Alisa Weilerstein is not making her Bangor Symphony Orchestra debut this Sunday. The cellist actually made her debut with the Symphony in 2001 at the tender age of 18, performing a program of Brahms and Rachmaninoff.
“It seems like it was so long ago. Everything was so different for me then,” said Weilerstein, now 27. “I did have my first lobster experience, however.”
She’ll play Brahms with the BSO again this weekend — the double, with violinist Chee-Yun — at the first concert of 2010, set for 3 p.m., Sunday, Jan. 31, at the Collins Center for the Arts in Orono. Weilerstein also will perform a recital with Chee-Yun at 8 p.m. tonight at Minsky Recital Hall on the University of Maine campus.
Back then, Weilerstein was an up-and-coming young cellist. Now, she’s one of the top stars of the classical music scene. Yo-Yo Ma has sung her praises. President Barack Obama invited her to participate in Classical Music Day at the White House last November. She’s played with most of the major national orchestras, and just a few weeks ago returned from her second trip to Venezuela, where she performed with the world-renowned Simon Bolivar Symphony Orchestra, part of the El Sistema program of youth orchestras.
But it all started with a box of Rice Krispies, a toothbrush and a bad case of chicken pox.
“When I was a small child, my grandmother came to take care of me while I had chicken pox, and my parents were touring,” said Weilerstein, who’s parents, Donald and Vivian Hornik Weilerstein, also are acclaimed musicians. “She brought all these instruments made out of cereal boxes, and I gravitated toward the cello. When my parents came back, they were rehearsing in the house, and I played along on my cereal box cello, scrubbing away with my toothbrush bow. It was very frustrating.”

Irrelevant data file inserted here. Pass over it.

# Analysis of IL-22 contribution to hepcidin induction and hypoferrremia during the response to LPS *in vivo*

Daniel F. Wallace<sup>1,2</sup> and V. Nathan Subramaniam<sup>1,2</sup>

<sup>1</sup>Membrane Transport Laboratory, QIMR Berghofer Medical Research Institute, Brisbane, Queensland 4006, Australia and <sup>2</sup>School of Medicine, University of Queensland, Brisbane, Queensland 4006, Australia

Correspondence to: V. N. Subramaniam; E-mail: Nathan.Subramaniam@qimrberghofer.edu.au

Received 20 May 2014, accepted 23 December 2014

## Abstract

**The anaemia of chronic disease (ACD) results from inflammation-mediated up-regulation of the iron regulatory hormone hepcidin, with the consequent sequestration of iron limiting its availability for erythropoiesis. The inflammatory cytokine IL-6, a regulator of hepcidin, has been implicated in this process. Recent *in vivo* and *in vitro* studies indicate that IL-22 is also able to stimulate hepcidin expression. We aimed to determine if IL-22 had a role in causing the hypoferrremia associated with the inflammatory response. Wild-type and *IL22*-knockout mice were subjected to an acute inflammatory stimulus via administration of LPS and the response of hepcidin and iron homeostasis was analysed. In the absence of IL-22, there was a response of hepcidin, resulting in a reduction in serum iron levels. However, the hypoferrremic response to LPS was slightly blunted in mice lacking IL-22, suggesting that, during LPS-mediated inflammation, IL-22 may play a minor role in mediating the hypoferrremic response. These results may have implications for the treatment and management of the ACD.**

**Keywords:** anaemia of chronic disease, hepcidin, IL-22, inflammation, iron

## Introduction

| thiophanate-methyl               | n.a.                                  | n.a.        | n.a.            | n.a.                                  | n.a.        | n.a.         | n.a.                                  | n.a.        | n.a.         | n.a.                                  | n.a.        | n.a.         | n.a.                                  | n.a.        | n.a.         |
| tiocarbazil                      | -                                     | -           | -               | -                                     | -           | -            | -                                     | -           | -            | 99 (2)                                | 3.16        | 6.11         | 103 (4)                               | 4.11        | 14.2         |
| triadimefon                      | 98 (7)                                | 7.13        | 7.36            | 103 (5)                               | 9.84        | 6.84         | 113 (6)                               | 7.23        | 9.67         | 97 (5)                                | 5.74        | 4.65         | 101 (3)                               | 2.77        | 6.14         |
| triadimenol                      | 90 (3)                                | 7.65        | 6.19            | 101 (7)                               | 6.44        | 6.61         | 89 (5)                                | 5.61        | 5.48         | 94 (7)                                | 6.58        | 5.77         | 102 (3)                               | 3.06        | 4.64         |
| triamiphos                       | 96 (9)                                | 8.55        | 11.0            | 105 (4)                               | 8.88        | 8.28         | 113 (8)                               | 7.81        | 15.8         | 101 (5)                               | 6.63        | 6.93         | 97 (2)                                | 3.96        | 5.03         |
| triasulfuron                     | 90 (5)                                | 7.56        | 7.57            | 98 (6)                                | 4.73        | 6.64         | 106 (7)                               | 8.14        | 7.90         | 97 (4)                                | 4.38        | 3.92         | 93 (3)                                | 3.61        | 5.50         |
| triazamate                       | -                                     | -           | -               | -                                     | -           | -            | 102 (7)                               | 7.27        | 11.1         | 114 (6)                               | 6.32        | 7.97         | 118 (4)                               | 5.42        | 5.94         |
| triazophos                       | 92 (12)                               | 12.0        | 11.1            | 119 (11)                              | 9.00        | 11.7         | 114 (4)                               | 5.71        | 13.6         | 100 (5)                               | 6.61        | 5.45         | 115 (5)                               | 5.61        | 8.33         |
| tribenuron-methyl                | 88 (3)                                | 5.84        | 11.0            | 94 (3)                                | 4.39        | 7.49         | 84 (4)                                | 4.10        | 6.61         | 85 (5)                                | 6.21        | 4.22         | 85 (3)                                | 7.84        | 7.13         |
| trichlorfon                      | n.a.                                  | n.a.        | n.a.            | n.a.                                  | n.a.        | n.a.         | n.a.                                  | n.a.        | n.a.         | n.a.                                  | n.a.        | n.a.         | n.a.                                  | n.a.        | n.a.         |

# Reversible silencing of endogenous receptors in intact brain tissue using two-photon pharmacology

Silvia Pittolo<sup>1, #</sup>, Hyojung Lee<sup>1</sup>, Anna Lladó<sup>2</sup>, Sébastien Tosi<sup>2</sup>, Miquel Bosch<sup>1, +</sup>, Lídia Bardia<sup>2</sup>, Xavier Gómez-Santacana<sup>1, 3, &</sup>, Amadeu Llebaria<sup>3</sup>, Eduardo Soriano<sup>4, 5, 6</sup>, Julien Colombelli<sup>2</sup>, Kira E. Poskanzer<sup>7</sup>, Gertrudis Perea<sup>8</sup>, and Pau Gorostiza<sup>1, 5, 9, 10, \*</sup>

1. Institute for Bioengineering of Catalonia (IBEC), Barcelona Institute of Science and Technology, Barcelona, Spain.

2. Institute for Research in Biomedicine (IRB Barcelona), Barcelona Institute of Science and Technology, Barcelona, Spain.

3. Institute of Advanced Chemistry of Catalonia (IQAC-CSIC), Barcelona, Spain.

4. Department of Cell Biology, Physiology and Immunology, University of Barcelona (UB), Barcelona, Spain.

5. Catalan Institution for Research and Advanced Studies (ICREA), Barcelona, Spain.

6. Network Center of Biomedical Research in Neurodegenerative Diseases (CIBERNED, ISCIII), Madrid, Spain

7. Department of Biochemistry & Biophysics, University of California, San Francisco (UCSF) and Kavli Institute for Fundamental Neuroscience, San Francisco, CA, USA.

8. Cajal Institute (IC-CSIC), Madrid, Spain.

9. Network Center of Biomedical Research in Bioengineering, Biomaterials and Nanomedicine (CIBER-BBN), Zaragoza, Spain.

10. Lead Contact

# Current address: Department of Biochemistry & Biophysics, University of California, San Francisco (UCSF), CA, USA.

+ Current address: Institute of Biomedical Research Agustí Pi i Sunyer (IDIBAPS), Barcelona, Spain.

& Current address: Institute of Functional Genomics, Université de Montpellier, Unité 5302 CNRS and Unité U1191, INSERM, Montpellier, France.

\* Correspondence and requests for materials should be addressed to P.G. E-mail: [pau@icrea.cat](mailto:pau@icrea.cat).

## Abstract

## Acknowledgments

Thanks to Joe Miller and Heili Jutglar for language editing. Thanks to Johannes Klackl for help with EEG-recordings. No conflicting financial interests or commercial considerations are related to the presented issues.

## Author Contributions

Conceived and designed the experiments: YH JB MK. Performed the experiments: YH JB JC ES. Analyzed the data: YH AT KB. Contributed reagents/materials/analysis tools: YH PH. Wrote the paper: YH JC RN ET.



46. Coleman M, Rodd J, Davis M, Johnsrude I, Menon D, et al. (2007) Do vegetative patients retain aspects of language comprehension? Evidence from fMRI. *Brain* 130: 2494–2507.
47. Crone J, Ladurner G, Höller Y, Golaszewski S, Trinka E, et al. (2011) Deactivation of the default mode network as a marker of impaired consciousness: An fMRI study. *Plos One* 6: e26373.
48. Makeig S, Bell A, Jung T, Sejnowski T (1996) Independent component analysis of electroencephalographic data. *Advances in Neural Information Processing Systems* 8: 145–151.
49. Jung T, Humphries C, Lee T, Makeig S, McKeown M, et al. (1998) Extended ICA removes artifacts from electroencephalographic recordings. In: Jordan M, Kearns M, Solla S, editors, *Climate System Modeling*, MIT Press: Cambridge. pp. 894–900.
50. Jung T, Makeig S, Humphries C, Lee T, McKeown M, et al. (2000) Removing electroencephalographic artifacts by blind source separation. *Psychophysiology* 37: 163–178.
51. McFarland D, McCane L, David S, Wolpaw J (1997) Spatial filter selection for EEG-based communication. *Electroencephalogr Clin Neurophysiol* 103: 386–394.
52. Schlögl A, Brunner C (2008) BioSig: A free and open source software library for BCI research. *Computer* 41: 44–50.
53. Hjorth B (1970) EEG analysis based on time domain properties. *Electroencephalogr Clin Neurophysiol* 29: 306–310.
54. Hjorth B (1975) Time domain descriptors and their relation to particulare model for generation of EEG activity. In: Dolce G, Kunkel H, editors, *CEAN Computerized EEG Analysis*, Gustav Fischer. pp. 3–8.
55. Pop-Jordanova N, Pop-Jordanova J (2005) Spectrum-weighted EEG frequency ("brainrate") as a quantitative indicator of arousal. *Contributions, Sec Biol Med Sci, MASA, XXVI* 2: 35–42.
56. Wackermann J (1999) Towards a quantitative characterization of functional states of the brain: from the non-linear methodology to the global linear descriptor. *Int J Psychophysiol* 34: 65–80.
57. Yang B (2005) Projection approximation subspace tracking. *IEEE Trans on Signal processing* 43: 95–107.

By the age of 4, Weilerstein had convinced her parents to buy her a real cello. Since then, it’s rarely left her side. Renowned for both her passionate, visceral playing and her technical chops, Weilerstein brings an exciting energy to any stage she graces. For her performance of the Brahms Concerto for Violin and Cello, she takes the history of the piece and molds it to her own style.
“Brahms wrote it as a peace offering to Joachim Caruso, one of the best violinists of that time, who was one of his best friends,” said Weilerstein. “This huge rift developed between them because Brahms got his wife deported. He wrote this for him. The cello is very much the voice of Brahms. There is a very beautiful, fiery, passionate duet between the violin and cello. You can hear the dynamic of Brahms and Caruso.”
In addition to her two performances this weekend, Weilerstein will lead a cello master class, set for 10 a.m. Saturday, Jan. 30, at Minsky Recital Hall. The class is free and open to the public and is funded by the Dr. Maurice P. King Master Class Fund, established last spring by longtime BSO supporter Constance Barnes, in memory of her father, a former BSO harpist. Three high-school-age musicians from eastern Maine will perform for Weilerstein during the class.
Weilerstein understands intimately the effect music can have on young people — from her own experiences as a cardboard-cello-playing child to her time spent working with El Sistema in Venezuela, where young musicians are trained from a very early age to perform with orchestras. Thousands of talented performers have come out of the program, including Gustavo Dudamel, who now conducts the Los Angeles Philharmonic.
“The students down there, they really play as if their lives depend on it, and in many ways it does,” said Weilerstein. “The emphasis isn’t on the individual as much as it is on the collective experience, and it really works. They sound unbelievable. It’s an incredible musical renaissance. It’s really beautiful.”